Just 24 percent of those who live in rural areas have access to a Level I or II trauma center within one hour, while 86 percent of suburban and 95 percent of urban residents have timely access.38 Too many trauma centers can also impact the quality of care: Since higher patient volumes generally correlate with improved quality of care, too many trauma centers means that at least some of the centers won’t have sufficient patient volumes to stay on top of their game.39 One study estimates that nearly 20,000 Americans could be saved each year if all trauma centers achieved outcomes similar to those at the highest-performing centers.40

These gaps are particularly troubling given that trauma systems are the backbone of the disaster response.

Responding to a mass casualty event or national disaster requires a coordinated effort between many local, state and national emergency service providers. In many states, however, EMS and emergency preparedness programs are housed in separate agencies, operate on separate state and federal funding streams, and may rarely communicate.41 Nor is it always clearly established who has command and control during a mass casualty event.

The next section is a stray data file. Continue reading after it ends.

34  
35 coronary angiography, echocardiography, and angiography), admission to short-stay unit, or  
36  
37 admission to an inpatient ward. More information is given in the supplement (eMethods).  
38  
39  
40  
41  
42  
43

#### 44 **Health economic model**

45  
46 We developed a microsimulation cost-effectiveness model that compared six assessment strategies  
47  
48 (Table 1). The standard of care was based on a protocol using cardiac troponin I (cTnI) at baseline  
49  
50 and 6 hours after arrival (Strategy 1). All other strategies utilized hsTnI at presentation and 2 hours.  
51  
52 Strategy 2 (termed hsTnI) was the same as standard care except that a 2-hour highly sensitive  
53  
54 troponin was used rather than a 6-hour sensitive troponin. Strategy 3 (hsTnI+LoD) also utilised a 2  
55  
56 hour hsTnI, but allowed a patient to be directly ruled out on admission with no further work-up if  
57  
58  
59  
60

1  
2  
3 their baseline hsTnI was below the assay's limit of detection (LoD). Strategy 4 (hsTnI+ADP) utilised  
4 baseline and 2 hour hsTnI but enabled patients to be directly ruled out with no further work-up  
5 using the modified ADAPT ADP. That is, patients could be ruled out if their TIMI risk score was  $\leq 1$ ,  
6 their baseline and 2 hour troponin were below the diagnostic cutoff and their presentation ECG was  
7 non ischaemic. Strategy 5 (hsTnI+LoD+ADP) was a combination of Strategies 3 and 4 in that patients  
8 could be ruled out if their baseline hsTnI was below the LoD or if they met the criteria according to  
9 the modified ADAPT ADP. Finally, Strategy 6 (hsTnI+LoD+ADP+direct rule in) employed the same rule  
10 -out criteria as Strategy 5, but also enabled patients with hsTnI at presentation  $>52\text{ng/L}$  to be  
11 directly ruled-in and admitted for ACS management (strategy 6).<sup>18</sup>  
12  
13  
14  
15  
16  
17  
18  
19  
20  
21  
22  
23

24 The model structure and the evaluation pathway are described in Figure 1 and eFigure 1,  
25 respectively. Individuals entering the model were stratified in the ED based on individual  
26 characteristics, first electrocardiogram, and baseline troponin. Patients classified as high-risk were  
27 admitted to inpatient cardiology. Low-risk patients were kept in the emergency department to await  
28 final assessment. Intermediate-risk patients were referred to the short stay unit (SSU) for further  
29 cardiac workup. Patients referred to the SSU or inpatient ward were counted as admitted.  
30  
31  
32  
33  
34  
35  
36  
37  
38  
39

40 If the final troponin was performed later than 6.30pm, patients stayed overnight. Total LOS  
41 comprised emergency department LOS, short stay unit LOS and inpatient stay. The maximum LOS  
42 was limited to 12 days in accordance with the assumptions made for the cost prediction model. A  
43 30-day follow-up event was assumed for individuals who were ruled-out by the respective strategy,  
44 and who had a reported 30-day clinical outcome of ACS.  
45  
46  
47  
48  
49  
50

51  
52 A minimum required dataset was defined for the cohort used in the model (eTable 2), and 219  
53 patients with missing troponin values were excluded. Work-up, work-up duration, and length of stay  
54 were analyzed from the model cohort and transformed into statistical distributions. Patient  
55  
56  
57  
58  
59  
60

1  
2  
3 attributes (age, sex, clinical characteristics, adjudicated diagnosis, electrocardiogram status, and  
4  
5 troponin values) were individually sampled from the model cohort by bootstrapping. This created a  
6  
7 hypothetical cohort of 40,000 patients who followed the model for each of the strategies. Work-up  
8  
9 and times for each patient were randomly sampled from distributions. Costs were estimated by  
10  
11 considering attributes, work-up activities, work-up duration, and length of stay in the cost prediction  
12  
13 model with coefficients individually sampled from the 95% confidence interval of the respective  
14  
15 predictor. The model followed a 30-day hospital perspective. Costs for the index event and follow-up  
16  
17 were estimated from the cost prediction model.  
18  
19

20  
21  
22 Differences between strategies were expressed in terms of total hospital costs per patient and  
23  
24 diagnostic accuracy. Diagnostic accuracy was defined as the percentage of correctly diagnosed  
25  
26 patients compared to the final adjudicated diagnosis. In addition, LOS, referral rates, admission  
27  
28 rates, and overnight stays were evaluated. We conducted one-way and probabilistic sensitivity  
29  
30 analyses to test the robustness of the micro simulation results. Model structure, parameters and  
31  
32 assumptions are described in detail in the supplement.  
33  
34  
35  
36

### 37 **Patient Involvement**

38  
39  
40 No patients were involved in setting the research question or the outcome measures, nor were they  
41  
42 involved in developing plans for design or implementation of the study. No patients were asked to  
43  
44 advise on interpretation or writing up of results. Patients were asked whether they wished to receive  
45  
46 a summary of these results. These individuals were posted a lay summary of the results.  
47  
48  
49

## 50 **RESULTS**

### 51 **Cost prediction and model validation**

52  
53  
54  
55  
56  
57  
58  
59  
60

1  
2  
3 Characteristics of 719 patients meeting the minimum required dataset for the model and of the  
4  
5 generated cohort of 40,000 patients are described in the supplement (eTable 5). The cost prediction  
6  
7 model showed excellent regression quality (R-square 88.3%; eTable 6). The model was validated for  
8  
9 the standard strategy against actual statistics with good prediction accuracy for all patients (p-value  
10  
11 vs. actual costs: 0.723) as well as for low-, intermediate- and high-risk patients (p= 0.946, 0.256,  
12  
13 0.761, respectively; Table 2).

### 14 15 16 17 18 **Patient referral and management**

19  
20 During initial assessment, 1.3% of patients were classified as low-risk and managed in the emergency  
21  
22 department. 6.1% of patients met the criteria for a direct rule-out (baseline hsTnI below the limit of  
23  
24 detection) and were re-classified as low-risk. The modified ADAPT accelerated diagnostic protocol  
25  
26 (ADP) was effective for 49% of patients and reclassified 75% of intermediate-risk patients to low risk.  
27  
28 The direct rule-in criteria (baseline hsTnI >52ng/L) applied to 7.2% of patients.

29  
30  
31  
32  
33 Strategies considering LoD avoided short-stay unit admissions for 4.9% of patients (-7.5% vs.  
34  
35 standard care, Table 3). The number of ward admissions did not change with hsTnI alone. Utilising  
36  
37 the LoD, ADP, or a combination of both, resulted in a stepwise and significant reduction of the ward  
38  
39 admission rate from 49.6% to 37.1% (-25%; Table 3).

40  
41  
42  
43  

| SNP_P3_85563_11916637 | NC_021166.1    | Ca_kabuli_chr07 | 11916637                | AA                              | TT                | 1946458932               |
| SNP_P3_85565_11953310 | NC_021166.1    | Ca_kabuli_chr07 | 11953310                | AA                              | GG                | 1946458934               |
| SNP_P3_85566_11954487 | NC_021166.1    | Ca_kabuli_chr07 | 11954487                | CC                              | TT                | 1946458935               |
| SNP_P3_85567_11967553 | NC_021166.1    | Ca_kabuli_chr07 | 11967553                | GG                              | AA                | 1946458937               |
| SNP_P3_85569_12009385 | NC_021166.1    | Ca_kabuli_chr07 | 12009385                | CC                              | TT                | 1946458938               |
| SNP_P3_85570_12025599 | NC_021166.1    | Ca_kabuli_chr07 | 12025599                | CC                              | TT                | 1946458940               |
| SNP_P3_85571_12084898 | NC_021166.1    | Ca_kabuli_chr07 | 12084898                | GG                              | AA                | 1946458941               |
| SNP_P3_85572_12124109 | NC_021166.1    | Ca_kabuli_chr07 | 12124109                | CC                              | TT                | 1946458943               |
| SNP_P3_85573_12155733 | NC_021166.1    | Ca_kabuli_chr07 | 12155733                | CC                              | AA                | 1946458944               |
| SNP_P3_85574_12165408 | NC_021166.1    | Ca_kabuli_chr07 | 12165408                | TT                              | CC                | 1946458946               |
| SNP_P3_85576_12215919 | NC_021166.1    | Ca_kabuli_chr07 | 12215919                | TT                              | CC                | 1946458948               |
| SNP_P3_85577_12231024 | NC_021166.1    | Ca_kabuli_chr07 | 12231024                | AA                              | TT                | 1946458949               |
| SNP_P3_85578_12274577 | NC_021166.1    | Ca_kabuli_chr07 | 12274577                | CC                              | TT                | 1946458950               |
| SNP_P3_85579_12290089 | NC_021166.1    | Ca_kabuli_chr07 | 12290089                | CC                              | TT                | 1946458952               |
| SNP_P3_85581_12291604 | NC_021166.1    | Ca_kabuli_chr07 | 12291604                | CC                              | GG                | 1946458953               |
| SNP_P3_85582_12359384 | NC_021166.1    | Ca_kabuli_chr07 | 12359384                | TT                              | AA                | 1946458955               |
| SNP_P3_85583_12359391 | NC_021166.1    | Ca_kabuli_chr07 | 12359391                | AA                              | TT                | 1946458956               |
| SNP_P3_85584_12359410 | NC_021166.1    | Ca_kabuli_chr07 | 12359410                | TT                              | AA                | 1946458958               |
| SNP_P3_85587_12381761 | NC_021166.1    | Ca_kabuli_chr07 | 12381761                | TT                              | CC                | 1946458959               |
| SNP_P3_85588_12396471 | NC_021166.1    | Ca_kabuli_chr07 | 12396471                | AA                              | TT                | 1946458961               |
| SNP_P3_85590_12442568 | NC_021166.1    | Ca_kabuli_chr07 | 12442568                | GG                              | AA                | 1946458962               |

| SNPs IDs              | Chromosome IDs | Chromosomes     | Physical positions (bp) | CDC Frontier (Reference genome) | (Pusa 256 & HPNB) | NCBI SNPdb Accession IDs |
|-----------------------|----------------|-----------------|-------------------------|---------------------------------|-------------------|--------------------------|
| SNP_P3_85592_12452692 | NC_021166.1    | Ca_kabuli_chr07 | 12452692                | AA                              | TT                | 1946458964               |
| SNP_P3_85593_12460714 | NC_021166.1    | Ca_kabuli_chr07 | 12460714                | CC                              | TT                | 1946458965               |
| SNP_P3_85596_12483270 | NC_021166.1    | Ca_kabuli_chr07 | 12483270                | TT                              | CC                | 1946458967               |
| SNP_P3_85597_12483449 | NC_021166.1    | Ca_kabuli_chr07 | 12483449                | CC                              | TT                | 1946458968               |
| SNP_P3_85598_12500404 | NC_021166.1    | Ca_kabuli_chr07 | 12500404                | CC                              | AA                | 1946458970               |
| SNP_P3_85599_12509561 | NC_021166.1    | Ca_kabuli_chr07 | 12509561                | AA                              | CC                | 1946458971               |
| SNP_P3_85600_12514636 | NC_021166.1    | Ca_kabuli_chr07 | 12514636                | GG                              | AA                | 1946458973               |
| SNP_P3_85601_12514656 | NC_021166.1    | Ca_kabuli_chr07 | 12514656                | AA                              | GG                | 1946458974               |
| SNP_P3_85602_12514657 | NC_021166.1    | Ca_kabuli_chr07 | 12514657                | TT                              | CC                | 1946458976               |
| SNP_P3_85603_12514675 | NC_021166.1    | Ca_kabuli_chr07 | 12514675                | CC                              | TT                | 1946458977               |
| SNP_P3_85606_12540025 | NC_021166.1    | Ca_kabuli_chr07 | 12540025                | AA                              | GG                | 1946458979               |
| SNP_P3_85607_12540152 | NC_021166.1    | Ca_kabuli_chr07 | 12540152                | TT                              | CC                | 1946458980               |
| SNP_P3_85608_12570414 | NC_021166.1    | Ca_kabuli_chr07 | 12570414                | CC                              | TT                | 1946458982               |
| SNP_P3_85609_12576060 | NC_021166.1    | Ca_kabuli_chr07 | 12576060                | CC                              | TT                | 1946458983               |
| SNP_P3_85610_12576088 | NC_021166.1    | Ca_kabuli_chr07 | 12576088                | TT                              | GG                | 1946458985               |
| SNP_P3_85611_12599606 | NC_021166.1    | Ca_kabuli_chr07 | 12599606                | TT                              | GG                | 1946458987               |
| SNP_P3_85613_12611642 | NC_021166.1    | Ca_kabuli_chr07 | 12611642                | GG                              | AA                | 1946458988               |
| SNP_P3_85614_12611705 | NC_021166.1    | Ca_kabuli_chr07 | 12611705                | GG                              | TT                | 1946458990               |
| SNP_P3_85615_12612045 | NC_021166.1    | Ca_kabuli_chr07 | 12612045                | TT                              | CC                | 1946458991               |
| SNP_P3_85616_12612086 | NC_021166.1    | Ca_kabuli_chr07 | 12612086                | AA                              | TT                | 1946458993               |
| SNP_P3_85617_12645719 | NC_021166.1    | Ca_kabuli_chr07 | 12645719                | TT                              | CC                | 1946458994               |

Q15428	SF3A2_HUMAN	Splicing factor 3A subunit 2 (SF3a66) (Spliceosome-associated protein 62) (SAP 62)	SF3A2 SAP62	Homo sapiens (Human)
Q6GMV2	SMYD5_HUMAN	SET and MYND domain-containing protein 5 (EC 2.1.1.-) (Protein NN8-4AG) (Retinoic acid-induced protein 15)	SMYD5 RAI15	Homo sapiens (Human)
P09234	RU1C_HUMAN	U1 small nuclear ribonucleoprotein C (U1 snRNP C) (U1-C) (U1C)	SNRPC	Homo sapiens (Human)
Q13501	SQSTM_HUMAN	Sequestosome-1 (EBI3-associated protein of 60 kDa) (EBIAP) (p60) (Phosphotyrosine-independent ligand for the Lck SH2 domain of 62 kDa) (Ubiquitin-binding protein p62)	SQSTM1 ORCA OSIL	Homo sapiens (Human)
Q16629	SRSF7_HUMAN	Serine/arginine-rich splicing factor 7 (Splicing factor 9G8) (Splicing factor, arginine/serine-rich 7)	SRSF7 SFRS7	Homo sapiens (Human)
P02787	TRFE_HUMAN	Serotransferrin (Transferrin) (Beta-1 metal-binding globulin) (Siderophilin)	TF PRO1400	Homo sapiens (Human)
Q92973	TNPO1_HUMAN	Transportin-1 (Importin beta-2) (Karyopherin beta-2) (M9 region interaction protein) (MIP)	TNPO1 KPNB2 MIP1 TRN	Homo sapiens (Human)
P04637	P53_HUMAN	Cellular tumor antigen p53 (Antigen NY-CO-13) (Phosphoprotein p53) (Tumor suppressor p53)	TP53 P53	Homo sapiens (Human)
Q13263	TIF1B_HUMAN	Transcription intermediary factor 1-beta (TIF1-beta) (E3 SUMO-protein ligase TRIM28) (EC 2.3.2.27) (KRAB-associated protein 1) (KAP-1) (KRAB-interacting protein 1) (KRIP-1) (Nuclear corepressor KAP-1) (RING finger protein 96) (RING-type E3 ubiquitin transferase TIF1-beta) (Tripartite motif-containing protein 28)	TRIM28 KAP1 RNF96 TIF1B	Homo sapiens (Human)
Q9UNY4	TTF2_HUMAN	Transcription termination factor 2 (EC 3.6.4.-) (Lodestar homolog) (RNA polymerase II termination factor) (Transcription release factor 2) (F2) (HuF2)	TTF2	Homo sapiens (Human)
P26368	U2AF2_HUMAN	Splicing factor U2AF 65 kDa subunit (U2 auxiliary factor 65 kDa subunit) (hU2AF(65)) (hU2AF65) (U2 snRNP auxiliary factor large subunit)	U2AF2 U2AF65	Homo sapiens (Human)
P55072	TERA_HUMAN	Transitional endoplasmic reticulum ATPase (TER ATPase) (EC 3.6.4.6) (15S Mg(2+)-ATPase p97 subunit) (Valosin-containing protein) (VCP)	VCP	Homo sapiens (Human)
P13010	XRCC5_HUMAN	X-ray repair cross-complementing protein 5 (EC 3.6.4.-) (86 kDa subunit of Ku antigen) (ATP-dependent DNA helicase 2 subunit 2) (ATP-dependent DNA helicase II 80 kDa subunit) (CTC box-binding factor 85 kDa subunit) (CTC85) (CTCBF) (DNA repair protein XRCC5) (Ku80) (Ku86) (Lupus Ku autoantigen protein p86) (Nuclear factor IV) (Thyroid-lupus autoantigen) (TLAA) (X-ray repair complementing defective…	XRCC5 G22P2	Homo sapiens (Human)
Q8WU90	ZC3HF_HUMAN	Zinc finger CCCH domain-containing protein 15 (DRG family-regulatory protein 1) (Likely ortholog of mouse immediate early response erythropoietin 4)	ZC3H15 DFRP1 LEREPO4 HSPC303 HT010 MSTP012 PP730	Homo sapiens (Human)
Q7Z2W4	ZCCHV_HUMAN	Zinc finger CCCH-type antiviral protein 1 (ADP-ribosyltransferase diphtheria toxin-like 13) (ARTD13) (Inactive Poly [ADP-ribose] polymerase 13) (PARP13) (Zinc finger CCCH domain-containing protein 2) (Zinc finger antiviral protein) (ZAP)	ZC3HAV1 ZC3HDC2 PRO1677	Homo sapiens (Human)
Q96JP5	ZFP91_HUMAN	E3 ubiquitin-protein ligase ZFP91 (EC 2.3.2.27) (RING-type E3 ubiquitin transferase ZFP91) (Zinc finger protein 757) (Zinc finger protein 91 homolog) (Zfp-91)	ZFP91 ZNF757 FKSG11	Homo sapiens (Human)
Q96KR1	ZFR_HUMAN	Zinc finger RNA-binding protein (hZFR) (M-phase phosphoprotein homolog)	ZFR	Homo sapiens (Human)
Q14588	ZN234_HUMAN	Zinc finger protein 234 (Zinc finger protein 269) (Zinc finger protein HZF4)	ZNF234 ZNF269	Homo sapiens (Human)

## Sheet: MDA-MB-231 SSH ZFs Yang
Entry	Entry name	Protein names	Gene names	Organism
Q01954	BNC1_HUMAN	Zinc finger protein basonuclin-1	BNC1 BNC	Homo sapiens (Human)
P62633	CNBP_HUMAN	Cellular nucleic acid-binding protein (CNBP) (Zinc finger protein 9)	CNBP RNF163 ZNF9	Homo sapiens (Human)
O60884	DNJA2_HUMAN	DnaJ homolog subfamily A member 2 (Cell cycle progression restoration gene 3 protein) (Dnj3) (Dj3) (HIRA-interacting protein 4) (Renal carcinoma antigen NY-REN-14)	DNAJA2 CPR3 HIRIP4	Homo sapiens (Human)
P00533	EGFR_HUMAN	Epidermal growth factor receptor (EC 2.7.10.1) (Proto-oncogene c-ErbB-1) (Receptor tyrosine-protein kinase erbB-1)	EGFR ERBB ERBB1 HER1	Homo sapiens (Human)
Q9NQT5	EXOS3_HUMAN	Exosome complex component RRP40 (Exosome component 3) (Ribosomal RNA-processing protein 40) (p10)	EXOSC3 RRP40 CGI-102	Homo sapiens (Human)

“A strong trauma system that functions well on a daily basis is the best preparation for mass casualty events,” said Dr. Winchell. “Trauma systems should be prioritized as part of readiness, and must be tightly integrated into disaster and crisis response, but this is not always the case.”

Improving the Quality of Trauma Care

A regional trauma system takes a three-pronged approach to improving the quality of care for injured patients: Identifying the problem based on data, developing and implementing an intervention, and evaluating the outcome of the intervention.Data on the processes and outcomes of care within a system are critical to ensuring that the system evolves and improves over time.

Trauma registries, such as the ACS National Trauma Data Bank (NTDB), and quality programs such as the ACS Trauma Quality Improvement Program (TQIP)42, are used to measure trauma outcomes and system performance, inform trauma research, and drive the development of new best practices.